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Monday, June 1, 2009

All hail the King, Geoffrey Rush!

Australian actor Geoffrey Rush brings his considerable physical talents to the revival of Eugene Ionescos' Exit the King, finishing up a limited run on Broadway.

The show has some parallels to recent events. King Berenger's kingdom is crumbling. Too many ill-conceived wars, people fleeing the country, and it appears that the country is actually falling into the ocean.

To top it all off, King Berenger is dying. His first wife, Queen Marguerite, played by the gorgeous Susan Sarandon in her Broadway debut, takes control organizing the last moments of the King.

His much younger, prettier, second wife, Queen Marie, is played by the radiant Lauren Ambrose. She makes the audience believe that she really loves the King for the man he is, not just for what he can give her. This is the second time I have seen Ambrose on the stage, the first time was in her role as Ophelia in Hamlet in Shakespeare in the Park last summer. She is one of our best young actresses, and I look forward to seeing her work for a long time to come.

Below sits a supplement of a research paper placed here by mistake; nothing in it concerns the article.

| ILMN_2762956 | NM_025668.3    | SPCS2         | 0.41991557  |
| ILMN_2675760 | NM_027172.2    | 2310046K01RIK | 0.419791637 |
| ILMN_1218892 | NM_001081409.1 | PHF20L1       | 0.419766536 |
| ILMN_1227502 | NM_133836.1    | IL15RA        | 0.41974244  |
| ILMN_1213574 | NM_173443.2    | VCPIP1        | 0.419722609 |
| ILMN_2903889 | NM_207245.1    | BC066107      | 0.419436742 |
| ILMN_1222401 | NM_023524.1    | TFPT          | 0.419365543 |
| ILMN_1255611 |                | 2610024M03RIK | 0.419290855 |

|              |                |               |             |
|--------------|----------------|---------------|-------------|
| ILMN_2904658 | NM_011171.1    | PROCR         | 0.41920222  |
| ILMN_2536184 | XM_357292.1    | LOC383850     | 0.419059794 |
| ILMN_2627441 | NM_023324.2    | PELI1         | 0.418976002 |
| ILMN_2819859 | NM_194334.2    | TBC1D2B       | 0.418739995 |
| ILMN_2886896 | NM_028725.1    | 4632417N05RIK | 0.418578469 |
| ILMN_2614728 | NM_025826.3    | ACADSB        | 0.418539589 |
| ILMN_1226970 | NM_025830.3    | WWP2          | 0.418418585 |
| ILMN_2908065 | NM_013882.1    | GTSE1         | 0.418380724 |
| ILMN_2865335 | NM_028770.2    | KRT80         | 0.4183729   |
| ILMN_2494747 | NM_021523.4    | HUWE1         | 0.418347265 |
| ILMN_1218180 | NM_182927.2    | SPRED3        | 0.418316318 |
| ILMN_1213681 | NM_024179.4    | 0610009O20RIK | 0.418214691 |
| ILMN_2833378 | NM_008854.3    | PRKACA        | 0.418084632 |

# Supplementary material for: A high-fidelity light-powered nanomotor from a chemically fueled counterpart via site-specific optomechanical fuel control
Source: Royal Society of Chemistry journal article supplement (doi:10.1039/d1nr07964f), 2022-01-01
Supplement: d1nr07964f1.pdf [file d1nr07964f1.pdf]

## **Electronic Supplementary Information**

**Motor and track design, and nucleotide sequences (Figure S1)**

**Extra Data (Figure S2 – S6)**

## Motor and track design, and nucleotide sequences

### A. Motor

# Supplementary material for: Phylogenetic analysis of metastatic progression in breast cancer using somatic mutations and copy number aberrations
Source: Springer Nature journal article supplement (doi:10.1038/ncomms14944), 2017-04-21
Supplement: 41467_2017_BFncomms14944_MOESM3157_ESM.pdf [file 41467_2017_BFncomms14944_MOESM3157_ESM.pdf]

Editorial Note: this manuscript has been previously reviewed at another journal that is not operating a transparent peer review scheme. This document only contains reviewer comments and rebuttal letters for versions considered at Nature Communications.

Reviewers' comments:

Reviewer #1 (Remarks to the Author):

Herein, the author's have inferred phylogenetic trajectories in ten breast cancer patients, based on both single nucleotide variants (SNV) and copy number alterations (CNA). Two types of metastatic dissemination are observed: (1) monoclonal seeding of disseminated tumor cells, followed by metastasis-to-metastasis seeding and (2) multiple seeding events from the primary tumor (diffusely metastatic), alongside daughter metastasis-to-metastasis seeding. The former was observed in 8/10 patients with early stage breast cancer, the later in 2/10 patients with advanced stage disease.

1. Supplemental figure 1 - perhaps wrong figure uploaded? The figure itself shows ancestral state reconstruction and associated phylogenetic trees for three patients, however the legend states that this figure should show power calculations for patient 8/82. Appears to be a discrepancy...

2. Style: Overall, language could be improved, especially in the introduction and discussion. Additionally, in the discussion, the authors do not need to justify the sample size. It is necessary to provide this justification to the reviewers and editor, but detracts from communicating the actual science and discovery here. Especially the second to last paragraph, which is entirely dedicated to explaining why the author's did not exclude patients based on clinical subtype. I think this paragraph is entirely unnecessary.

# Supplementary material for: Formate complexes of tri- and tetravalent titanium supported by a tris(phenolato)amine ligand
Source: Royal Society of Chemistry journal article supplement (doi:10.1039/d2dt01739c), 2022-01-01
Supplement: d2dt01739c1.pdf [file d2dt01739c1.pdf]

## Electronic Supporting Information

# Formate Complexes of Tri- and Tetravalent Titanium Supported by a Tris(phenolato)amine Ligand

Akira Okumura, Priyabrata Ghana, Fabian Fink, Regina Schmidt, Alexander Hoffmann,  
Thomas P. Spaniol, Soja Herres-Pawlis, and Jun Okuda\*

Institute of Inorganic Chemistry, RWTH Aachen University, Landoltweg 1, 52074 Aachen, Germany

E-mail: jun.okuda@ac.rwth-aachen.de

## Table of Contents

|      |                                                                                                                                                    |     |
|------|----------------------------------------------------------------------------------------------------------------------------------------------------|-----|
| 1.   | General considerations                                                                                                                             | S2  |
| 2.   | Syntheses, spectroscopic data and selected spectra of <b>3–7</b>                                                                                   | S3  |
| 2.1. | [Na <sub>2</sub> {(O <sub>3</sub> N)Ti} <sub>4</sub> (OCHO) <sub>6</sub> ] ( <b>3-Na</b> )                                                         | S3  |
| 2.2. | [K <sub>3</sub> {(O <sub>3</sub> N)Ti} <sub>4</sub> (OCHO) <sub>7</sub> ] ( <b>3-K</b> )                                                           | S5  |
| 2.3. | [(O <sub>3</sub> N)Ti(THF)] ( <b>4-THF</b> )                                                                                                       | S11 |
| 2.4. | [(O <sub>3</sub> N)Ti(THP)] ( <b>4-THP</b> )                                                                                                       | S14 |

Andrea Martin, nominated for a Tony for her role, plays the role of Juliette, the nurse/housemaid/cook. She is incredibly funny, as she always is, and her big scene with Rush as she explains her difficult life, is wonderful.

Brian Hutchison hilariously plays the role of the Guard as a surfer dude, as if he were Spicolli from Fast Times at Ridgemont High. Just watching his facial reactions in the background is priceless. William Sandler ably rounds out the cast as The Doctor, who sides with Marguerite in her attempts to control the King.

Geoffrey King is nominated for a Tony Award for his portrayal of the King, and he should win based on the one scene where he does a sort of combination march/dance. He states in an interview with Playbill that he had trained in mime and pantomine, and his training is put to good use in this brilliant scene.

Exit the King is closing on June 14th, so you need to hurry if you want to see it. It has many huge laughs, but the last scene with Sarandon's monologue, coaxing the King towards death, is thought-provoking.

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